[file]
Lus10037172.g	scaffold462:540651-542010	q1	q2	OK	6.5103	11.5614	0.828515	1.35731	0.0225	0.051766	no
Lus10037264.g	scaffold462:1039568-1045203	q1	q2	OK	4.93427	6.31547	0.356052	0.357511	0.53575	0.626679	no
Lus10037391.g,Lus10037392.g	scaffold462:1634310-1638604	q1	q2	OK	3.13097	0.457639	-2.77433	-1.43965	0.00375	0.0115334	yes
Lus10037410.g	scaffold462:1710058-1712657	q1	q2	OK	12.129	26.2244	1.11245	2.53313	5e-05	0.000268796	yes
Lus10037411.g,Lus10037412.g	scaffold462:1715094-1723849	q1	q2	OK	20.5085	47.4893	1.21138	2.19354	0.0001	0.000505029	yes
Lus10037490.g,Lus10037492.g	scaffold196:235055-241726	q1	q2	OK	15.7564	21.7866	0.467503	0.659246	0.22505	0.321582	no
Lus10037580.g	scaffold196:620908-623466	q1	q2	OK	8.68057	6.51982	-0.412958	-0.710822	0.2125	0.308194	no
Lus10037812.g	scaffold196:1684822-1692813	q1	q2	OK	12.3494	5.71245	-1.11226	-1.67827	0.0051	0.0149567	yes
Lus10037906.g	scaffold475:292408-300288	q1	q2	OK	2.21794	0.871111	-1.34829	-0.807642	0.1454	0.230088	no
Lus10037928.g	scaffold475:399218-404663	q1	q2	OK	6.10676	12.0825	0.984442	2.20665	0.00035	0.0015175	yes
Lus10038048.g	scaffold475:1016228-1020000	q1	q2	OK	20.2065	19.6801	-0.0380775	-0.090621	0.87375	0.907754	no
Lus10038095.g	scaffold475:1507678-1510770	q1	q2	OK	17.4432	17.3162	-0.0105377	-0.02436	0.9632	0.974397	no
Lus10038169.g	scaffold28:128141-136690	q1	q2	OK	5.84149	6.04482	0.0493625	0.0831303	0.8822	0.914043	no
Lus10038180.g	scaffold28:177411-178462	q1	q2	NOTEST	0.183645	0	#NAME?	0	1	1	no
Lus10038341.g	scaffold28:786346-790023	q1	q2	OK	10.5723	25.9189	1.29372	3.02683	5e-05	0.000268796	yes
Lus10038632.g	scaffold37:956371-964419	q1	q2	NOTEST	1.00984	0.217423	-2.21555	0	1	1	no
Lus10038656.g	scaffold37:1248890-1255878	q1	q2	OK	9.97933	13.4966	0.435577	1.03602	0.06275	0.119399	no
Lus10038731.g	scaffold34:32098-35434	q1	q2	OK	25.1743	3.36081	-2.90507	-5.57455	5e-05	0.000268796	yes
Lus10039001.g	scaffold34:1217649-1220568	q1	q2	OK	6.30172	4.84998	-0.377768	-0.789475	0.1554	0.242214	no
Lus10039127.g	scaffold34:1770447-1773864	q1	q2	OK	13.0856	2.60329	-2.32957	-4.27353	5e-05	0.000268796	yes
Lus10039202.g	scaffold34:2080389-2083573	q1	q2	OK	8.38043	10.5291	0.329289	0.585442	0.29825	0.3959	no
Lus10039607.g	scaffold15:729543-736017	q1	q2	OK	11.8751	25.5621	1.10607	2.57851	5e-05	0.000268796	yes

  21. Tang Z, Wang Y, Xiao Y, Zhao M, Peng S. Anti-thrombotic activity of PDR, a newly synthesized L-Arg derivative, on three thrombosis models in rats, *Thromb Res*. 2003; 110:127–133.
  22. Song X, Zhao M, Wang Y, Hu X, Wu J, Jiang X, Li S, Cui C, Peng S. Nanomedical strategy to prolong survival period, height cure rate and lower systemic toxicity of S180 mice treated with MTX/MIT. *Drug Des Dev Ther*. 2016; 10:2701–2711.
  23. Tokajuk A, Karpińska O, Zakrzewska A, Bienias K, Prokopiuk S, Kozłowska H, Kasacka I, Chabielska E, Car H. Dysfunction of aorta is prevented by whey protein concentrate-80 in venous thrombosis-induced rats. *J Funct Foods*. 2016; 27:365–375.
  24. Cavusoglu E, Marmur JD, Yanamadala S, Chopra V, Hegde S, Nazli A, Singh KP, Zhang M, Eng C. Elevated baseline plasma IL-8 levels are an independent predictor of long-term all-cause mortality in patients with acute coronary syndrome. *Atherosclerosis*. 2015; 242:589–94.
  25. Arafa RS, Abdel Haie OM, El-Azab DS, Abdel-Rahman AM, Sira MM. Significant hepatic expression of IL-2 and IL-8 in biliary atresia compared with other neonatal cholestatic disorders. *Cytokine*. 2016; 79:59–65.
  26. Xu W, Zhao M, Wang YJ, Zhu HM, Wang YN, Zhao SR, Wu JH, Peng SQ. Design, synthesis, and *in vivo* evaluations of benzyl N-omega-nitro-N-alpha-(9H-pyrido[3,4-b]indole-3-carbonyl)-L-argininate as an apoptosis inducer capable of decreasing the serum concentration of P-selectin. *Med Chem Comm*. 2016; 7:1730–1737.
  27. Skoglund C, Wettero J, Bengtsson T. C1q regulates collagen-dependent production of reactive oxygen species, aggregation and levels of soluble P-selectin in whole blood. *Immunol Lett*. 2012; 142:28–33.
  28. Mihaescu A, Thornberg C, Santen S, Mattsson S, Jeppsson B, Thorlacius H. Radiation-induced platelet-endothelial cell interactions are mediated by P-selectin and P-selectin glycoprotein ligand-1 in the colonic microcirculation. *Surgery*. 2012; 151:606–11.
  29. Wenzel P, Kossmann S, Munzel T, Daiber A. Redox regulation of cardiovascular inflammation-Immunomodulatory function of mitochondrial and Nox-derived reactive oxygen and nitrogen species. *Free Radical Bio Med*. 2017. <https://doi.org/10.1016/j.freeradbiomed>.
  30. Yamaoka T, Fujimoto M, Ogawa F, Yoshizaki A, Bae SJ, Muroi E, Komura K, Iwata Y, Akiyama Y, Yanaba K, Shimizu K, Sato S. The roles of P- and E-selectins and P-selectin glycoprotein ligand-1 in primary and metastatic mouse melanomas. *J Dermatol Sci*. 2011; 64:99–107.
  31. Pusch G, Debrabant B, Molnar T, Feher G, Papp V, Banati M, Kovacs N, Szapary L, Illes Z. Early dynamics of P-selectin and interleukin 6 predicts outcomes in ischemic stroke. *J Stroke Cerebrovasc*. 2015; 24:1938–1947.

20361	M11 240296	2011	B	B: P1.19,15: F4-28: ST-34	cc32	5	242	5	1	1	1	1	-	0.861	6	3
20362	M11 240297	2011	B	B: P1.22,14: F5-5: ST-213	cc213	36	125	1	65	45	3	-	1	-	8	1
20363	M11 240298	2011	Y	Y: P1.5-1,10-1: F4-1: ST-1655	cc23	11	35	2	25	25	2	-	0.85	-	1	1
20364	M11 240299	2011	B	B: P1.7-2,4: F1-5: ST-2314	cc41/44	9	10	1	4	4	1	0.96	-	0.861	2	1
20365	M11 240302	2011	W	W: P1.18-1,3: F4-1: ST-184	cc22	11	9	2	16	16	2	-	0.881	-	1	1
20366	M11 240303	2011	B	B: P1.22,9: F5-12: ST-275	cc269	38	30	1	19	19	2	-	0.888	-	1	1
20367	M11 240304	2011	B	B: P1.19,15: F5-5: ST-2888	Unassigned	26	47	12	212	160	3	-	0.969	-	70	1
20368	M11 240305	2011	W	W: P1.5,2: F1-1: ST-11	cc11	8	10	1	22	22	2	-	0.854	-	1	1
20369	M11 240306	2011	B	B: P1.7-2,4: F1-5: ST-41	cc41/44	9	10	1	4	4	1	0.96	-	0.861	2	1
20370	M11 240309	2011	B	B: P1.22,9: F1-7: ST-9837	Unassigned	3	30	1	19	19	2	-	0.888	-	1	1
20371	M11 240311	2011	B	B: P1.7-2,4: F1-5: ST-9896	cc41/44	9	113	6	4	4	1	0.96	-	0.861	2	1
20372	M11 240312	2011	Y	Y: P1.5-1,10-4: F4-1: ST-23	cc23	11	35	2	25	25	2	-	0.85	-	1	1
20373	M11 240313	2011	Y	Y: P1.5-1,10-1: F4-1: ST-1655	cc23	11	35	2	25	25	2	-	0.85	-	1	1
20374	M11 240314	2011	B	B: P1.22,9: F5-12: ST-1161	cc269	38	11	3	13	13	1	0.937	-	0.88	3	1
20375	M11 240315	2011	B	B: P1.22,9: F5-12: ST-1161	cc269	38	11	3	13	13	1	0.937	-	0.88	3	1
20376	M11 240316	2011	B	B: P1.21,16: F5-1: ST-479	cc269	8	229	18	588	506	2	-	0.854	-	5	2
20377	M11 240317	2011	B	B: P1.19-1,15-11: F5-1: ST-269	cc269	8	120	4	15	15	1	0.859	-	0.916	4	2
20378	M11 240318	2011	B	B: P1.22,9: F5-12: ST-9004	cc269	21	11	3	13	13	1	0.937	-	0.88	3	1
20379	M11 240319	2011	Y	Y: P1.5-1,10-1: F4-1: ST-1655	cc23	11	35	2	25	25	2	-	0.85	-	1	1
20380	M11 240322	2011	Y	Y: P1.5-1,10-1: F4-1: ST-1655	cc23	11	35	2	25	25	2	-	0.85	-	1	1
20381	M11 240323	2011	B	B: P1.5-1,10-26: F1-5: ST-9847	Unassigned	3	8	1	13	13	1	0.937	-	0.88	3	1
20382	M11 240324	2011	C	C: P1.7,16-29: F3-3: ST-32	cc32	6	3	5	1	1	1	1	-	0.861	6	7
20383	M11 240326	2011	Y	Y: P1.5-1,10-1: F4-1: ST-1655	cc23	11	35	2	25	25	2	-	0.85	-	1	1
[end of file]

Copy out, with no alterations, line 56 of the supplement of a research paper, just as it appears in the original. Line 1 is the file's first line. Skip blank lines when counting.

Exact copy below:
20383	M11 240326	2011	Y	Y: P1.5-1,10-1: F4-1: ST-1655	cc23	11	35	2	25	25	2	-	0.85	-	1	1